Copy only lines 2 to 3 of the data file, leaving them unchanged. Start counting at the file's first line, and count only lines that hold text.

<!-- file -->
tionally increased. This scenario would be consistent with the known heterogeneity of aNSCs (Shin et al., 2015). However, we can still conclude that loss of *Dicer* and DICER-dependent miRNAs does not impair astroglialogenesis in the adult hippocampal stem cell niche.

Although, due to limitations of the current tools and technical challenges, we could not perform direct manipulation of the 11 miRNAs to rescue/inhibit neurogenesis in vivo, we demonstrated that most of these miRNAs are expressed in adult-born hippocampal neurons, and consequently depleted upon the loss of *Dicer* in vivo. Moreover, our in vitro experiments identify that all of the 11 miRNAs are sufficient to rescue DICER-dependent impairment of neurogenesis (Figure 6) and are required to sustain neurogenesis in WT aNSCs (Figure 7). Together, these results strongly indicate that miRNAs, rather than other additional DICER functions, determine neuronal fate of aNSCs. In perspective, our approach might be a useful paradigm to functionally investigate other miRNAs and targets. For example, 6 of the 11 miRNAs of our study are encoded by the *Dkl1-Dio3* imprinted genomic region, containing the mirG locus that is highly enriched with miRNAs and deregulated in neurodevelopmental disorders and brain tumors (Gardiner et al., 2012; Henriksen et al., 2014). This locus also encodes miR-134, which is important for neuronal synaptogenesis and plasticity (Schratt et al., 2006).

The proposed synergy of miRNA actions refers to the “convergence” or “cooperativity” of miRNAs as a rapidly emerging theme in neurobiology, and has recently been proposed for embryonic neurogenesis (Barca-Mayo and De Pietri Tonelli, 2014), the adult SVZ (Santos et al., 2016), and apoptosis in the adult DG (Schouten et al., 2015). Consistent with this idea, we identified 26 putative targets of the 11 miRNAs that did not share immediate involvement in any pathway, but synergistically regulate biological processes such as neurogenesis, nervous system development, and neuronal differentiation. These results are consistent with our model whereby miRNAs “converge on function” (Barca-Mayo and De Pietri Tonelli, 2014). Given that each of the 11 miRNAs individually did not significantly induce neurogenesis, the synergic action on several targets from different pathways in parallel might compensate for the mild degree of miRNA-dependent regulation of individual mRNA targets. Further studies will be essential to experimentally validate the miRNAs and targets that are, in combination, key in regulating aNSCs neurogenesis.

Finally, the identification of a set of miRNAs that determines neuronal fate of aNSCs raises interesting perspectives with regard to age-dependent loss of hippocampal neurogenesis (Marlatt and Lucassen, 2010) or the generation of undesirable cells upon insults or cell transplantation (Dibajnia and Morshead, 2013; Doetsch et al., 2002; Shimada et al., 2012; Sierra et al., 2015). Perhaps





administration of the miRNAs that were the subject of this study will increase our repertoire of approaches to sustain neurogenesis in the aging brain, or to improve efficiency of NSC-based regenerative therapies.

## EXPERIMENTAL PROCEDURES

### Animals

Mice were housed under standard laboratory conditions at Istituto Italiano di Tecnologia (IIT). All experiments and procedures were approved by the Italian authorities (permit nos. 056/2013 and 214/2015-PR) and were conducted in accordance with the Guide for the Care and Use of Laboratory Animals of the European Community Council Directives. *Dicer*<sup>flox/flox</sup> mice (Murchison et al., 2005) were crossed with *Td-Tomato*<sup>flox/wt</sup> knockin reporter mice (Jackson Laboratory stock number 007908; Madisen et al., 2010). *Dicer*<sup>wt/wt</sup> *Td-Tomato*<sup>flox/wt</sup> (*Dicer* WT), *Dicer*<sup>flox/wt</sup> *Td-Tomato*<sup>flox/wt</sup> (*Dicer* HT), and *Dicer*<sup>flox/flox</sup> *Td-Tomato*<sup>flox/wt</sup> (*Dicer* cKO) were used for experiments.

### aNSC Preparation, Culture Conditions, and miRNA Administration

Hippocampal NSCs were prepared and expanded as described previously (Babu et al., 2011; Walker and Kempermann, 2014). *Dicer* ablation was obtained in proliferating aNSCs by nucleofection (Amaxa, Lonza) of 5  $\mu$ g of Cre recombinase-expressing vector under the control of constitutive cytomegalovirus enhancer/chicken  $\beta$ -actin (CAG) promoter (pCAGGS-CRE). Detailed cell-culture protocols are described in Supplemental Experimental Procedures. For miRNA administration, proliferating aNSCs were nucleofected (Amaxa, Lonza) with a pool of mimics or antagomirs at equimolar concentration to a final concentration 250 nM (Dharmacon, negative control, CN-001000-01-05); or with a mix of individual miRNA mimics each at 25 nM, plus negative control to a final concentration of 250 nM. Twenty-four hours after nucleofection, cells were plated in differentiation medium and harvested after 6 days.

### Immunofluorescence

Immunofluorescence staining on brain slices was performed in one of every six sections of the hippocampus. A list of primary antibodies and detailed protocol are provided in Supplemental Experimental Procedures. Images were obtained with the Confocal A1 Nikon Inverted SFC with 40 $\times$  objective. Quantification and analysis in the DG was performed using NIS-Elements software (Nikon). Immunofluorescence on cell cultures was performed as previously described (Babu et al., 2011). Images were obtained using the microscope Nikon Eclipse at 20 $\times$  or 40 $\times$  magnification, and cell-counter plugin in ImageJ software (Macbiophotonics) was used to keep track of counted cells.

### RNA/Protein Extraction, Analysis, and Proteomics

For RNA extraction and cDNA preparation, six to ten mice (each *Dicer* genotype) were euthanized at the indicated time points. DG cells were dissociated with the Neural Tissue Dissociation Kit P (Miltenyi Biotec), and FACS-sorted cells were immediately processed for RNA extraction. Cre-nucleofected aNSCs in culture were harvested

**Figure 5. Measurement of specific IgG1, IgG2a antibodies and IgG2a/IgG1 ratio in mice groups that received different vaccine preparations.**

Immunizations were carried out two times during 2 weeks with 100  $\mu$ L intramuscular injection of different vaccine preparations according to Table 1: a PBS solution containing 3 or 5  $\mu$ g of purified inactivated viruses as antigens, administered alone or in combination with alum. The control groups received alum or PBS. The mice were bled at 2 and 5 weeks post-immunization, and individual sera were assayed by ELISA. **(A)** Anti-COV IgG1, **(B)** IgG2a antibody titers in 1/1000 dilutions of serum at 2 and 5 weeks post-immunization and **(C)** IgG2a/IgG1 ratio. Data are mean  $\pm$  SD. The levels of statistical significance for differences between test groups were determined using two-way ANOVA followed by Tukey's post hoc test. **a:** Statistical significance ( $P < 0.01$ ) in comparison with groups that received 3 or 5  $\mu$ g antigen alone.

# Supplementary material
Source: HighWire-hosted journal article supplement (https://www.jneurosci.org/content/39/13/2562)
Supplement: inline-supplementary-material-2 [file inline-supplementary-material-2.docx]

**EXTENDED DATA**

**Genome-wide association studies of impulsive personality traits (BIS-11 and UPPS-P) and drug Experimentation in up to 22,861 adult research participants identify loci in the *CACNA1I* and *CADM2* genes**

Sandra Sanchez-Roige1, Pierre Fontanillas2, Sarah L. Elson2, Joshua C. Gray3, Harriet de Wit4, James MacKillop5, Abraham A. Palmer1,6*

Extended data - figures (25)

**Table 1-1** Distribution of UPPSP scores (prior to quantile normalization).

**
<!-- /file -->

Although, due to limitations of the current tools and technical challenges, we could not perform direct manipulation of the 11 miRNAs to rescue/inhibit neurogenesis in vivo, we demonstrated that most of these miRNAs are expressed in adult-born hippocampal neurons, and consequently depleted upon the loss of *Dicer* in vivo. Moreover, our in vitro experiments identify that all of the 11 miRNAs are sufficient to rescue DICER-dependent impairment of neurogenesis (Figure 6) and are required to sustain neurogenesis in WT aNSCs (Figure 7). Together, these results strongly indicate that miRNAs, rather than other additional DICER functions, determine neuronal fate of aNSCs. In perspective, our approach might be a useful paradigm to functionally investigate other miRNAs and targets. For example, 6 of the 11 miRNAs of our study are encoded by the *Dkl1-Dio3* imprinted genomic region, containing the mirG locus that is highly enriched with miRNAs and deregulated in neurodevelopmental disorders and brain tumors (Gardiner et al., 2012; Henriksen et al., 2014). This locus also encodes miR-134, which is important for neuronal synaptogenesis and plasticity (Schratt et al., 2006).

The proposed synergy of miRNA actions refers to the “convergence” or “cooperativity” of miRNAs as a rapidly emerging theme in neurobiology, and has recently been proposed for embryonic neurogenesis (Barca-Mayo and De Pietri Tonelli, 2014), the adult SVZ (Santos et al., 2016), and apoptosis in the adult DG (Schouten et al., 2015). Consistent with this idea, we identified 26 putative targets of the 11 miRNAs that did not share immediate involvement in any pathway, but synergistically regulate biological processes such as neurogenesis, nervous system development, and neuronal differentiation. These results are consistent with our model whereby miRNAs “converge on function” (Barca-Mayo and De Pietri Tonelli, 2014). Given that each of the 11 miRNAs individually did not significantly induce neurogenesis, the synergic action on several targets from different pathways in parallel might compensate for the mild degree of miRNA-dependent regulation of individual mRNA targets. Further studies will be essential to experimentally validate the miRNAs and targets that are, in combination, key in regulating aNSCs neurogenesis.